Further, the government’s failure to restrict entry to infected travellers at our borders during the lockdown will surely be seen as further aggravating the spread of the infection. The issue of porosity (which I have discussed before) was considered much too late.

In terms of the severity of the economic impact, the UK lockdown was imposed later than those in most EU countries and lasted for longer. The UK economy is also more highly dependent on consumer spending and services than our peers, and these were disproportionately affected. The UK may be able to achieve some semblance of a V-shaped recovery as the hospitality sector cranks back into action. But the economic impact of the excess deaths experienced has still not been quantified. Further, the long-term negative economic impact of the disruption to children’s education is unquantifiable.

There are clearly many things going on here. But, in terms of the political fallout, I don’t think that the Johnson government will ever be able to shake off the perception that its handling of the pandemic was weak. Significantly, an opinion poll out this week from Opinium shows the Tories and Labour neck-and-neck, both prospectively with 40 percent of the vote. This is the first time that Labour has equalled the Tories in popularity for years. Significantly, 47 percent of respondents thought that the Johnson government had handled the crisis badly.

And the fact that fewer British workers have physically returned to work than in competitor countries suggests that levels of confidence in the UK are lower than elsewhere. 80 percent of Germans are back at their workplace, but only around 60 percent of Brits. London Underground is reporting passenger numbers still at one third of the normal level.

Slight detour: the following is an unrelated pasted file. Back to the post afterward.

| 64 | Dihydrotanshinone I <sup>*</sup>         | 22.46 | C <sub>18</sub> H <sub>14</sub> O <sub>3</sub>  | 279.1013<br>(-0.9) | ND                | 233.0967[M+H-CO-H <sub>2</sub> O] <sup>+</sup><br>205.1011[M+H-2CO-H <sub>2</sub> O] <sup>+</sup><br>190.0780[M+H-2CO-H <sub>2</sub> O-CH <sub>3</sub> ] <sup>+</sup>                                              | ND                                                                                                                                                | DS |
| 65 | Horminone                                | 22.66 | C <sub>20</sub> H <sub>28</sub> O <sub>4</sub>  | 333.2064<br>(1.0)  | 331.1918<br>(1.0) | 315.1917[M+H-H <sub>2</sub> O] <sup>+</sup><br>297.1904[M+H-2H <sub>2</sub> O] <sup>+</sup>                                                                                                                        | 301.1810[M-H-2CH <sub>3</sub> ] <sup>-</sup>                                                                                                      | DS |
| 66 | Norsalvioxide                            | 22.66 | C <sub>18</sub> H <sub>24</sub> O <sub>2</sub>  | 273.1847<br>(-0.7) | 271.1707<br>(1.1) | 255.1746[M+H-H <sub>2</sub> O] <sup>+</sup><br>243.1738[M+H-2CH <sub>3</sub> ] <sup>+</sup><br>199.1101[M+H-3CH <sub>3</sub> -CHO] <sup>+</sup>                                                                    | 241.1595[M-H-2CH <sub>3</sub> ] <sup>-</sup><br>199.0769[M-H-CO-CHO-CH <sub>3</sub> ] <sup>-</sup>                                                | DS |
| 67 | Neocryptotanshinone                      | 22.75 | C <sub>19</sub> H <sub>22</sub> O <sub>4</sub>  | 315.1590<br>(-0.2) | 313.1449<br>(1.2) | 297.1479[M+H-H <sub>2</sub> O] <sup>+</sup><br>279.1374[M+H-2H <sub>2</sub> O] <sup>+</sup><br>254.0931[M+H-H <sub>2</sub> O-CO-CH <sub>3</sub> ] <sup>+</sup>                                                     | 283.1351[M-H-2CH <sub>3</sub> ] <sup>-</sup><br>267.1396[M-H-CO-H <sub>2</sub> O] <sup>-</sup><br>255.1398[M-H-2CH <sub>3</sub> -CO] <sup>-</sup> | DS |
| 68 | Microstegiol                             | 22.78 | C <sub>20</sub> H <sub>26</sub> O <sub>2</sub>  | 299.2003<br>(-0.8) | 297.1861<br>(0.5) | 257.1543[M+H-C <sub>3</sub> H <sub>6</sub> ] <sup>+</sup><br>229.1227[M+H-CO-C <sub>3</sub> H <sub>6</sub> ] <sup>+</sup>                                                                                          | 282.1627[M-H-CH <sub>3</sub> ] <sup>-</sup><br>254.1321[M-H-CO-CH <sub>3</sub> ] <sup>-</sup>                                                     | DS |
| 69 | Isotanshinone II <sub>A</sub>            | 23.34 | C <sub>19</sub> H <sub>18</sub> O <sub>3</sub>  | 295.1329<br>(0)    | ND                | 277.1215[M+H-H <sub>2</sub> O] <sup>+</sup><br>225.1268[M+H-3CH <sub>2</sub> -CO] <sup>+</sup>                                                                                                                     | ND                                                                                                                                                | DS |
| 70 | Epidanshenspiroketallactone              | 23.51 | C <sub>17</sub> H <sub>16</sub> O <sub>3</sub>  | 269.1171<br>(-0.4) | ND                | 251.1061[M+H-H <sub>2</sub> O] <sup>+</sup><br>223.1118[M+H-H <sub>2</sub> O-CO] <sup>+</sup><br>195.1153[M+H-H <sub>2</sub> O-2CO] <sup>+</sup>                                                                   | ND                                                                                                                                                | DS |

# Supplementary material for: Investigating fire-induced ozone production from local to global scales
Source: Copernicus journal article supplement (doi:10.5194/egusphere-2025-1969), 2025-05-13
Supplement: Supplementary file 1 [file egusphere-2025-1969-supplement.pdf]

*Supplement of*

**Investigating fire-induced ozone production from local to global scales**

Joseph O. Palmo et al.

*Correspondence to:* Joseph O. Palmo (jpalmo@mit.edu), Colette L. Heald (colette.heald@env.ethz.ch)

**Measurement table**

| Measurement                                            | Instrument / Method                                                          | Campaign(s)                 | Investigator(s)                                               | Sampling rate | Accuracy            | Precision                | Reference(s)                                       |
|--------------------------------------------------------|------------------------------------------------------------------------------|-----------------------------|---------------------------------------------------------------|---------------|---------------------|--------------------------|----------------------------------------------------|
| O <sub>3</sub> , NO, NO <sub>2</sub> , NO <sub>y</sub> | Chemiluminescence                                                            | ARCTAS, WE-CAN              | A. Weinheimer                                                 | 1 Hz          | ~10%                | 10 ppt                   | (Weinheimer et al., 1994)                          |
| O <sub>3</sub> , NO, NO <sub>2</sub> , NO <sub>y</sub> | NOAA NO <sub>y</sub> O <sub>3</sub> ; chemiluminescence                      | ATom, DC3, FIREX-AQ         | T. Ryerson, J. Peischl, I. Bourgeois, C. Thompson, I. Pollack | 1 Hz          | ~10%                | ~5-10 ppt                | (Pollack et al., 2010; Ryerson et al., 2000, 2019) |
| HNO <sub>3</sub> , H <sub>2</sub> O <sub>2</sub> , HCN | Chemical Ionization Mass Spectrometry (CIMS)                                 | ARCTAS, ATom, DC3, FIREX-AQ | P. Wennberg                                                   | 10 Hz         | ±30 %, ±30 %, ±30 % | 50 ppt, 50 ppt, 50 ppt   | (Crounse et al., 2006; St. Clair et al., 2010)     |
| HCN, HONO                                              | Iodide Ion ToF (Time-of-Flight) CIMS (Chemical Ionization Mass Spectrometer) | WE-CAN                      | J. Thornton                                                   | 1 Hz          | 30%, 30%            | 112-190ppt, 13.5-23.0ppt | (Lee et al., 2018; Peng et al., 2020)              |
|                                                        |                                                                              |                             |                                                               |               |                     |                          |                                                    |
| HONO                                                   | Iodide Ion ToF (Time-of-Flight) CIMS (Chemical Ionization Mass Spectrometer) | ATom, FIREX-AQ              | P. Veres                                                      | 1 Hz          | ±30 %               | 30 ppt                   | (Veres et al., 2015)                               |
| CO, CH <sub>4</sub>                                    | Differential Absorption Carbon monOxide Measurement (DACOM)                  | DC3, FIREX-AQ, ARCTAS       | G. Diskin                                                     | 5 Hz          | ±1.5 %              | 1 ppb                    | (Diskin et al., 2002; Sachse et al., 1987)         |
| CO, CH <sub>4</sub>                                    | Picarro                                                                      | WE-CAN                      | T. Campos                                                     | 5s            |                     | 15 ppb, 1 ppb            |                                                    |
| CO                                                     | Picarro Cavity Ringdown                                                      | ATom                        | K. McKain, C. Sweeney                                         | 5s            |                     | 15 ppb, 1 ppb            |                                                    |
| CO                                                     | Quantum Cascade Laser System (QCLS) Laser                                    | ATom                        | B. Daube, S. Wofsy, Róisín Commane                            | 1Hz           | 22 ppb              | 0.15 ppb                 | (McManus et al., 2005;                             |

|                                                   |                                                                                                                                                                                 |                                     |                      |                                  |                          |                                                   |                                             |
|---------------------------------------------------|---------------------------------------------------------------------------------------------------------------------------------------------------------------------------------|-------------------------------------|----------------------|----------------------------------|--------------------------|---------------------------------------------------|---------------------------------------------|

Record numbers of young people are now on benefits. The number of under-25s on Universal Credit rose by 250,000 during the lockdown to 538,000. Many youngsters will not be returning to school this week. The most critical factor going forward is likely to be confidence that the virus is under control. That confidence is still lacking.

Unknowns

Sir David Spiegelhalter, professor of the understanding of risk at Cambridge University, has been one of the media fixtures of the pandemic in the UK. Scientists usually try to explain things; but in late July Professor Spiegelhalter admitted to New Scientist that Britain may never know exactly how many people died from the coronavirus pandemic because there was not enough testing at the outset.

The idea that the virus could already have been extant in Europe well before the reports emerged from Wuhan is also gaining ground. Another cluster of unknowns surrounds the long-term health effects of the coronavirus. It may be that many sufferers are condemned to live out the rest of their lives with chronic conditions. We do know that about one in ten of people who recover continue to experience fatigue, muscle weakness and neurological disorders.

What if a resurgence of Covid-19 coincides with an outbreak of seasonal flu this winter? In late July, the UK government announced that the winter flu vaccination programme would be expanded this year. But if anyone succumbs to classic flu-like symptoms, they will not know if they have seasonal flu or Covid unless they get tested.

On the plus side, clinicians hope that the spread of seasonal flu will be attenuated by social distancing, face coverings and sanitising. Recent data from the Royal College of General Practitioners suggest that cases of communicable respiratory and chest infections such as bronchitis, hepatitis, asthma, tonsillitis and even of the common cold have plummeted since March. Chickenpox is down nearly fivefold and laryngitis threefold. Cases of conjunctivitis have halved. No doubt the closure of schools has cocooned children; and adults have been having less casual sex. That said, any flu outbreak will complicate the management of the coronavirus pandemic.